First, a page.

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As a cyclone struck Vanuatu, its leader was in Japan discussing the dangers of climate change

AP Photo/Dave Hunt, Pool
In the path of destruction.
By Adam Pasick
Published Last updated This article is more than 2 years old.

As the category five cyclone Pam devastated the tiny and poor South Pacific island nation of Vanuatu this weekend, its president was thousands of miles away in Japan, speaking at a conference on disaster risk reduction. Even before Pam struck, the looming risks to countries like Vanuatu—including rising seas that make its low-lying islands vulnerable to powerful storms—were painfully apparent.

“This conference is about disaster risk reduction. What is happening in Vanuatu is the reality,” president Baldwin Lonsdale told the AP. “Climate change is contributing to the disasters in Vanuatu.”

Tallying the storm’s toll has been a slow process, in part because of the extreme remoteness of the outlying Vanuatuan islands and the fact that communications have been severely disrupted by the storm. Only a handful of deaths have been confirmed, but as links with remote areas are re-established, those numbers are certain to rise. Lonsdale said that than 90% of homes in the capital of Port Vila have been destroyed or damaged. As Quartz has reported, a British risk-analytics firm recently ranked Port Vila as the world’s most at-risk city for natural disasters.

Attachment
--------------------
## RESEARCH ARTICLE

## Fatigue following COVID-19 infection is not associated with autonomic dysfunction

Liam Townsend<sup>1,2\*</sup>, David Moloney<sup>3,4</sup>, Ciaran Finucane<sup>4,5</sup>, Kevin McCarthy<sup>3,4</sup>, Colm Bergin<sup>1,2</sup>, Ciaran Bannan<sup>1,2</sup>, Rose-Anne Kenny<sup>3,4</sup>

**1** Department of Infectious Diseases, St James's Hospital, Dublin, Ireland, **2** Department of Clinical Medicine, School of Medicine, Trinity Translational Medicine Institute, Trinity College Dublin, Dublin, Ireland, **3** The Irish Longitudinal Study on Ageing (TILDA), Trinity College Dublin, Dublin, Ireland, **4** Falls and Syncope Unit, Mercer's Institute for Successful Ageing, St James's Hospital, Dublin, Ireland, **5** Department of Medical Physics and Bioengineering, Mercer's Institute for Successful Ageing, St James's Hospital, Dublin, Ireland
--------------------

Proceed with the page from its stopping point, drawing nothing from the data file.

The storm hit low-lying islands in the South Pacific even as delegates discussed such risks at the UN Conference on Disaster Risk Reduction in Sendai, Japan.

“It’s hugely ironic that this storm should hit Vanuatu while we are all here. If we truly care for those people, we have to respond,” said Rachel Kyte, a vice president at the World Bank and a special envoy for climate change, in an interview with Agence France Press. “I worry that a sense of urgency and a sense of shared ambition is not at the right level… It is indisputable that part of the Pacific Ocean is much warmer today than in previous years, so these storms are intensifying.”

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